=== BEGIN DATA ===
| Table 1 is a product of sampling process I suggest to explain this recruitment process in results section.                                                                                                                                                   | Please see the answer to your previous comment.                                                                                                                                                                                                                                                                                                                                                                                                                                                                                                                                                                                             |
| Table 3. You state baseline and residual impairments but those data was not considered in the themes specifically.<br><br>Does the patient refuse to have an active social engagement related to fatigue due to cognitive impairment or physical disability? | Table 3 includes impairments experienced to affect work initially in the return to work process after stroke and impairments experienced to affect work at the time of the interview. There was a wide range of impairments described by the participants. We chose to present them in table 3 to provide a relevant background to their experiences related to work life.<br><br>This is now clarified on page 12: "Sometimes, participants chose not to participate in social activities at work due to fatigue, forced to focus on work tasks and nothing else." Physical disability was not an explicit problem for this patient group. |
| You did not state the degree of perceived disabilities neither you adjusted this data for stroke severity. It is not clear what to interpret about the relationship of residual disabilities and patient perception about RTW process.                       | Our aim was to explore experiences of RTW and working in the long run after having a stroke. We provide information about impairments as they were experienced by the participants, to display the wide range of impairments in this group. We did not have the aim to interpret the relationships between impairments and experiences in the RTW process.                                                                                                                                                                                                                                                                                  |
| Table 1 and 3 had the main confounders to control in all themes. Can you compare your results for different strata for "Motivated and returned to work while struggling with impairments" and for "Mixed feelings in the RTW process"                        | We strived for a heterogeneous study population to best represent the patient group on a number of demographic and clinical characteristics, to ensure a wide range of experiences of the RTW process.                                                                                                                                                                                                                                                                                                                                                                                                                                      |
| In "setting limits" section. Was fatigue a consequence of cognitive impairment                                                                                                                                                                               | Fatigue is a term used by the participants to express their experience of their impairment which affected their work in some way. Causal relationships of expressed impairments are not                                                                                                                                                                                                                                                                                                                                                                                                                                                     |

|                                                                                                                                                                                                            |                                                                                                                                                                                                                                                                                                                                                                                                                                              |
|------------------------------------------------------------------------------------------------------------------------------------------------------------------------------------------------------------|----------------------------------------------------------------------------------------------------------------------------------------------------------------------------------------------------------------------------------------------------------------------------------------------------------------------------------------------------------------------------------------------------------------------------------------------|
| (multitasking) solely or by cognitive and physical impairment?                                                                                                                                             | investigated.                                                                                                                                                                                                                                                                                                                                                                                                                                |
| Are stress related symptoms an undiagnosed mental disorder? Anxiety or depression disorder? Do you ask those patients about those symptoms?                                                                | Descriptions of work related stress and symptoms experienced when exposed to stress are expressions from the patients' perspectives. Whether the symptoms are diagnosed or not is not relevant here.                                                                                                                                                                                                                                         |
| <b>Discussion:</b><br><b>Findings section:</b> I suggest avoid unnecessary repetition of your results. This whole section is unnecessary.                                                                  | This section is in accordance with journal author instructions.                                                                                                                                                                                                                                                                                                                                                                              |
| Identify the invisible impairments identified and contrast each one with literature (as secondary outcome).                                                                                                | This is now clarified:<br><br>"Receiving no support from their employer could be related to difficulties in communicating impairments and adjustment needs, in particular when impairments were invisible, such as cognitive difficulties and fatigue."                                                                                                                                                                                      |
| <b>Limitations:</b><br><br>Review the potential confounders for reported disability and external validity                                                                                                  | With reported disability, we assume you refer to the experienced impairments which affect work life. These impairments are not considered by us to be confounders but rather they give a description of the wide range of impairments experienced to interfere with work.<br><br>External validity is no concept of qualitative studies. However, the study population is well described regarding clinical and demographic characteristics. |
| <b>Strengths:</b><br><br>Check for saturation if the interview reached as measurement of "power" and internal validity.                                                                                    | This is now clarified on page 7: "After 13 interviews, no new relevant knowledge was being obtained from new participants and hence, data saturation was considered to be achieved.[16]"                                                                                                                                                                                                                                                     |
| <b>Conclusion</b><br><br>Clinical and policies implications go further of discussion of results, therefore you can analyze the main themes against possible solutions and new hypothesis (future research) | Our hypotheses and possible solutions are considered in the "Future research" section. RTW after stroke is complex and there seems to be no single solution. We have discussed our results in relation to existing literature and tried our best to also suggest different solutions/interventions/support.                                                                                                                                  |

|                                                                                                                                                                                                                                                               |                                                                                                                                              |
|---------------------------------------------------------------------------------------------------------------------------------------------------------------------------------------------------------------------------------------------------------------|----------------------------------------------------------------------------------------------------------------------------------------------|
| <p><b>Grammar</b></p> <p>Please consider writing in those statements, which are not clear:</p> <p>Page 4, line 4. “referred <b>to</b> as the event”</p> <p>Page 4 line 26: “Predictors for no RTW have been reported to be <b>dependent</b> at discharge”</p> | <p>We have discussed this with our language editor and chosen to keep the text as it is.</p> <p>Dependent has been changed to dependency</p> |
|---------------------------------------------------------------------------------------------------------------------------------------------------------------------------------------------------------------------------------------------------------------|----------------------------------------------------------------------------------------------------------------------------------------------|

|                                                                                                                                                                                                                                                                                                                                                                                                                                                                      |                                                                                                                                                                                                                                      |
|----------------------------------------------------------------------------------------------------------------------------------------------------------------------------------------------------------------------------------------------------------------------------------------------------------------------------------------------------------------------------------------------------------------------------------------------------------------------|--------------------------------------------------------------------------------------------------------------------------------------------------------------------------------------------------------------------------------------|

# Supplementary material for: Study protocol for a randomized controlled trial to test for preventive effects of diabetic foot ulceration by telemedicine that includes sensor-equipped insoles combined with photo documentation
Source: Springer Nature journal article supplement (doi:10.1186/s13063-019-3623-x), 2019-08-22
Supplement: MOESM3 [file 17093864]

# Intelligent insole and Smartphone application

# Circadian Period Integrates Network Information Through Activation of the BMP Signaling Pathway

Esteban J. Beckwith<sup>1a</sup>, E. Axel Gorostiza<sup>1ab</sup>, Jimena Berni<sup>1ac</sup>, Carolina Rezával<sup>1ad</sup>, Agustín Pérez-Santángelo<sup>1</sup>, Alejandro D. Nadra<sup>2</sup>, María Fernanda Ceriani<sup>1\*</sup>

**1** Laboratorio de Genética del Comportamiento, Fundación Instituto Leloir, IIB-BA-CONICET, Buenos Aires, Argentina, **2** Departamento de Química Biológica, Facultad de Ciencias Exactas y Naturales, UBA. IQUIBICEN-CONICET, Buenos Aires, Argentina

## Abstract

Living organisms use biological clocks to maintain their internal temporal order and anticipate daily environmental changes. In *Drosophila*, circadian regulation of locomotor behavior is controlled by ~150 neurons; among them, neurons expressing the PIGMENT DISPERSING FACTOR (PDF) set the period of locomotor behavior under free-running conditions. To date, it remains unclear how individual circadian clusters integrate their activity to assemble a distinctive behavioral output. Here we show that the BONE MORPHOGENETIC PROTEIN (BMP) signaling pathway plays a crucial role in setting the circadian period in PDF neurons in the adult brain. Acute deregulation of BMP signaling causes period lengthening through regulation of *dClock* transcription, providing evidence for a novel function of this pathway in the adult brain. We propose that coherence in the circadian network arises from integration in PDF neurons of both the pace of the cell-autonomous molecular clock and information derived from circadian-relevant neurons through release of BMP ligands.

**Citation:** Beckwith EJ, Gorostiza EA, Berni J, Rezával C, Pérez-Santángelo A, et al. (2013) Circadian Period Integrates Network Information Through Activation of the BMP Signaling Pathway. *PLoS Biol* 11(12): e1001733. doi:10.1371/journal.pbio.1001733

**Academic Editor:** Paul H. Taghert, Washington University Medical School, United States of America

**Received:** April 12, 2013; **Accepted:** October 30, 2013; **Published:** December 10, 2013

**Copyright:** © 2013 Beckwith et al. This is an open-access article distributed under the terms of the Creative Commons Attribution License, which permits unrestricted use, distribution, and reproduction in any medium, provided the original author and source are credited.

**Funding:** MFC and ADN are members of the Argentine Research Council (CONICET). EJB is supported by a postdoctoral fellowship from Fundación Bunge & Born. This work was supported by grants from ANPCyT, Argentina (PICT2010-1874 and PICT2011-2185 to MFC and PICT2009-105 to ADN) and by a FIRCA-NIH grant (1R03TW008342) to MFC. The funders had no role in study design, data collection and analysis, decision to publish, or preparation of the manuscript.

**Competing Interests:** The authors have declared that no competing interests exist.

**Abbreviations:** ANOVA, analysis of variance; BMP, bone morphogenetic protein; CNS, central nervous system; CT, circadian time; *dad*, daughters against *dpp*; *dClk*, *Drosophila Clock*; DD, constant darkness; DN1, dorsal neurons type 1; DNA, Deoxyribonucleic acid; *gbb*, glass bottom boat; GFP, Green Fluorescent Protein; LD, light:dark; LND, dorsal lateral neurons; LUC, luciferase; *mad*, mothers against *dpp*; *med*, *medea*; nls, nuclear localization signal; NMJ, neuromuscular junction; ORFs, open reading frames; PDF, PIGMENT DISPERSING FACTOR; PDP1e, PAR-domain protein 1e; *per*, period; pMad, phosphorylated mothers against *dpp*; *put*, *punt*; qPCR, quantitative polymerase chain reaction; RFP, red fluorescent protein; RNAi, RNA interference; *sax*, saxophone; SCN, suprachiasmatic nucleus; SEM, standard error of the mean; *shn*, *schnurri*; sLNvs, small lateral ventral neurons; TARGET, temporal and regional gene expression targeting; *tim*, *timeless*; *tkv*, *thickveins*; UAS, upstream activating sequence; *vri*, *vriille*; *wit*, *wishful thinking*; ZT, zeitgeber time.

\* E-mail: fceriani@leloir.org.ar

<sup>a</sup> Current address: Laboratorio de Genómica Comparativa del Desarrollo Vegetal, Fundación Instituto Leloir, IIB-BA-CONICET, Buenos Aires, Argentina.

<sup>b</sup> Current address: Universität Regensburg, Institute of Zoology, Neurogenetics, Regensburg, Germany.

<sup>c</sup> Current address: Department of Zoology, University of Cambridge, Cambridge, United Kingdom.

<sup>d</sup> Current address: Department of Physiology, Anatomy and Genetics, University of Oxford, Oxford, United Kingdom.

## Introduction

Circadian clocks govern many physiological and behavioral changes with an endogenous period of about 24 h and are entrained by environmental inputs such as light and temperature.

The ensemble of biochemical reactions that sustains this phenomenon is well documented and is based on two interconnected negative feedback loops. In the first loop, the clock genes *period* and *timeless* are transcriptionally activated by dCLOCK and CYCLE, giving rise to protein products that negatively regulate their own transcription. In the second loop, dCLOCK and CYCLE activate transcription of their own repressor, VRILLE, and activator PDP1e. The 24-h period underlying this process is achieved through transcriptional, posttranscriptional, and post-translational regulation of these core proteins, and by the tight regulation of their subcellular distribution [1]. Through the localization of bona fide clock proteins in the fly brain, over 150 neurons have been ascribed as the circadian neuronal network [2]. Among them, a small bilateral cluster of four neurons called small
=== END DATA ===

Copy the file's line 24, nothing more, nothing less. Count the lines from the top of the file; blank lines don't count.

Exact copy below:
# Intelligent insole and Smartphone application